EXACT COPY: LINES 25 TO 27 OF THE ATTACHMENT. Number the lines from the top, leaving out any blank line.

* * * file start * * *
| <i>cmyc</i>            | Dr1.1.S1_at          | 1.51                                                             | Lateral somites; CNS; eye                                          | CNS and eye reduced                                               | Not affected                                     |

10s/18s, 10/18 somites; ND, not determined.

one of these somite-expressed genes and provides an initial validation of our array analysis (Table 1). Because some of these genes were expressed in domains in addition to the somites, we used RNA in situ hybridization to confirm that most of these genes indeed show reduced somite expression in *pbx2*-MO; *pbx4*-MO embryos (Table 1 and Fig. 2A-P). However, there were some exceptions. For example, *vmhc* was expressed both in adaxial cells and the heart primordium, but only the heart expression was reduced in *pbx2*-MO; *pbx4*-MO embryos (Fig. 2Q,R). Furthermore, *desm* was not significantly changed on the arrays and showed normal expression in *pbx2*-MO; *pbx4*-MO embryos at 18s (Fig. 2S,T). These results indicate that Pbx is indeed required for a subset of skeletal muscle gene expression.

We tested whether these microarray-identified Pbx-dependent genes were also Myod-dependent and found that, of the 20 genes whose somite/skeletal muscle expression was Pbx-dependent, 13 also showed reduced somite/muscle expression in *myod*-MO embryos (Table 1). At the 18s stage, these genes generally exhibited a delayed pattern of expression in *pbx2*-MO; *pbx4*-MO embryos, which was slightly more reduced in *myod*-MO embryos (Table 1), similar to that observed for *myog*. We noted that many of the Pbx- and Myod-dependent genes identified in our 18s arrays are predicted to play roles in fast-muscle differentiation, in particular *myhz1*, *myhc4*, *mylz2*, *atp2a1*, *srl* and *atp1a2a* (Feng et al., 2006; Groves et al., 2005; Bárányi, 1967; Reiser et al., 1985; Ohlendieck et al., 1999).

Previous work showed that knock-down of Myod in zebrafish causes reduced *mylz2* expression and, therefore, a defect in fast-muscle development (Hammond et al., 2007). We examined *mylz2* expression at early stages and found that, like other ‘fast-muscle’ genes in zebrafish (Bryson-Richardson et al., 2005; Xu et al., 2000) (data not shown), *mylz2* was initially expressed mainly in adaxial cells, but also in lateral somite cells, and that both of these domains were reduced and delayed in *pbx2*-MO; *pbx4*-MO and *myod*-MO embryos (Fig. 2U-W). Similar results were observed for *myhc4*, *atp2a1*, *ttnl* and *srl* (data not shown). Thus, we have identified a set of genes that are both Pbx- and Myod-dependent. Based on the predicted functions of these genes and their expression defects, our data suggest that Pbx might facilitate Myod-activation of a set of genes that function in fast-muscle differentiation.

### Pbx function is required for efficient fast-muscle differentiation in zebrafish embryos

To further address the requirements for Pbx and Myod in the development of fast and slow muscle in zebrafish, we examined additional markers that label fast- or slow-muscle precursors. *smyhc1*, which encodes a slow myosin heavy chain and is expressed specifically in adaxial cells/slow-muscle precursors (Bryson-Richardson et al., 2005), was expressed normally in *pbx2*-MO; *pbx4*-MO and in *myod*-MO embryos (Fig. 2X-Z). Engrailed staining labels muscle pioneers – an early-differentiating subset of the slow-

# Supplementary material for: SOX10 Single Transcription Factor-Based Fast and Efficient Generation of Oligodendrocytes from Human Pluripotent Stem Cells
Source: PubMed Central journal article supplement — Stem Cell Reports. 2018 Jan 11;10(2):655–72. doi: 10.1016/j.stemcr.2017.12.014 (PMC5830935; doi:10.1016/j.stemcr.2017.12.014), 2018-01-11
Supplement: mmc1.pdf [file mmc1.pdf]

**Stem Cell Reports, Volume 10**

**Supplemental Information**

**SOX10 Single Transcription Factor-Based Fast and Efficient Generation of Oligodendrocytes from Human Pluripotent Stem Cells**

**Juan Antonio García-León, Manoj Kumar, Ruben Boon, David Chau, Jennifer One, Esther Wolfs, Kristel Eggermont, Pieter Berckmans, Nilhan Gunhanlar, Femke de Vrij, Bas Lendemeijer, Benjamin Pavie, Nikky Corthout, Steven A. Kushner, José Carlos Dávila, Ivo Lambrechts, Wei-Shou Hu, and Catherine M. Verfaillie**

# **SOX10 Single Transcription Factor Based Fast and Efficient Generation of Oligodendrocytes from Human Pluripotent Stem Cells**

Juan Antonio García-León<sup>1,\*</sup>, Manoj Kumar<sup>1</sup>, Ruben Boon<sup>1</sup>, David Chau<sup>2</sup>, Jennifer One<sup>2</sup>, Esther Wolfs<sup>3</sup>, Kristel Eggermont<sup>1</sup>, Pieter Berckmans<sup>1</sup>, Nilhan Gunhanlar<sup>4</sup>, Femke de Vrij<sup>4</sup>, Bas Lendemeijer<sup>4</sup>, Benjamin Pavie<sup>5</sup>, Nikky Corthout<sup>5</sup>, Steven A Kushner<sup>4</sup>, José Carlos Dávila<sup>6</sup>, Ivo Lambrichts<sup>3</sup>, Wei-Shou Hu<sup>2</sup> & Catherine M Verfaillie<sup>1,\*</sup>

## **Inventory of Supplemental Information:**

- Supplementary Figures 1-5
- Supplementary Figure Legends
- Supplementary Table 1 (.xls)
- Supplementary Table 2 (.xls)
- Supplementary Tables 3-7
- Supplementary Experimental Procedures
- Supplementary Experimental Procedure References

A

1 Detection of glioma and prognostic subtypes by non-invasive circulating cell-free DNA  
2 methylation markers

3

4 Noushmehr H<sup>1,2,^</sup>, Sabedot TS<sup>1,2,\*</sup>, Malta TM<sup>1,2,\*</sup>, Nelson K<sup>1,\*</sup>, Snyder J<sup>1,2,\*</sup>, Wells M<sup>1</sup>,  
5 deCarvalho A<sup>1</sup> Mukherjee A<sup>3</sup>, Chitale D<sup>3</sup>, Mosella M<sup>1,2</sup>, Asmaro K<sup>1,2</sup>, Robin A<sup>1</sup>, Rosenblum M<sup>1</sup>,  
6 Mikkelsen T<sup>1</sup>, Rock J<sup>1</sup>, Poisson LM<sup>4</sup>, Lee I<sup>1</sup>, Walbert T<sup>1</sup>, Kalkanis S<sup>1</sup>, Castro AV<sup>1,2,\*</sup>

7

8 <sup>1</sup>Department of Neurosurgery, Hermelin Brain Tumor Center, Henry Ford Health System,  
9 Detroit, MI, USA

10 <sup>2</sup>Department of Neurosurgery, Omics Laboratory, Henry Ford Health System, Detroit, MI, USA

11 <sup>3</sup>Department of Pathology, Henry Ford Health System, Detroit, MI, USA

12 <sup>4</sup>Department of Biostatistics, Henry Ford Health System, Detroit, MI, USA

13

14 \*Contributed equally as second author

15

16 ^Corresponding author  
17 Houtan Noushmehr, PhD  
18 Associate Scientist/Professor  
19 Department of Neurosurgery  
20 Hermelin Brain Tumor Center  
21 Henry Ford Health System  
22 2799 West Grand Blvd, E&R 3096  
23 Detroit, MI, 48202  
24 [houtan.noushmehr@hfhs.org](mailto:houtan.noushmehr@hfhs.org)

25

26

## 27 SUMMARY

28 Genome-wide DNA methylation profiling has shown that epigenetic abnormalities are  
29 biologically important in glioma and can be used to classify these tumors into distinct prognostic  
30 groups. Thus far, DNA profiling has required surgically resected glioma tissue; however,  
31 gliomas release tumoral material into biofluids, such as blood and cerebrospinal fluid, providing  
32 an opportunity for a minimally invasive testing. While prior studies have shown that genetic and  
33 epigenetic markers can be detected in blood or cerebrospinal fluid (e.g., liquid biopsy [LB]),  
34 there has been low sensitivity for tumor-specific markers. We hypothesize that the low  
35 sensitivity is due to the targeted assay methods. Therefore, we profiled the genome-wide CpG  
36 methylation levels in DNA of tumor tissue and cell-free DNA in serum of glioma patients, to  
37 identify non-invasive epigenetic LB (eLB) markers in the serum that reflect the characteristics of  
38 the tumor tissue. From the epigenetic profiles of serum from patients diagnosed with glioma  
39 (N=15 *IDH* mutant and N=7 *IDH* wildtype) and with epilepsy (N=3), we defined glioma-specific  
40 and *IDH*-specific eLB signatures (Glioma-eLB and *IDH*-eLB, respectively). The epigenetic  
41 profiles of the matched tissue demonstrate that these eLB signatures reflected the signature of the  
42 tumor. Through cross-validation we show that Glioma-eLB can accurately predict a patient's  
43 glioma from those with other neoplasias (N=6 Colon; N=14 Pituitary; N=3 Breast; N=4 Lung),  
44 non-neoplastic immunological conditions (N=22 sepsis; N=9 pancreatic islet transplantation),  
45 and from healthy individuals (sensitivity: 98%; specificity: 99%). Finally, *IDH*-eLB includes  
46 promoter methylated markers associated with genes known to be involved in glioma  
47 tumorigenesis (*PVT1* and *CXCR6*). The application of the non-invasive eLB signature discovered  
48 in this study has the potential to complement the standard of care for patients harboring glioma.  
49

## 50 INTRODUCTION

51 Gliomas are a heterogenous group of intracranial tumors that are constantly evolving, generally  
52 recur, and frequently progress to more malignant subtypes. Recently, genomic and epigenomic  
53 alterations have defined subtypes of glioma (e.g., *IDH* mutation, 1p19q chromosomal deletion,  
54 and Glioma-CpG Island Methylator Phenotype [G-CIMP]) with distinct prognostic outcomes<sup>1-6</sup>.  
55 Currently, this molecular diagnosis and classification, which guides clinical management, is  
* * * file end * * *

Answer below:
A

1 Detection of glioma and prognostic subtypes by non-invasive circulating cell-free DNA  
2 methylation markers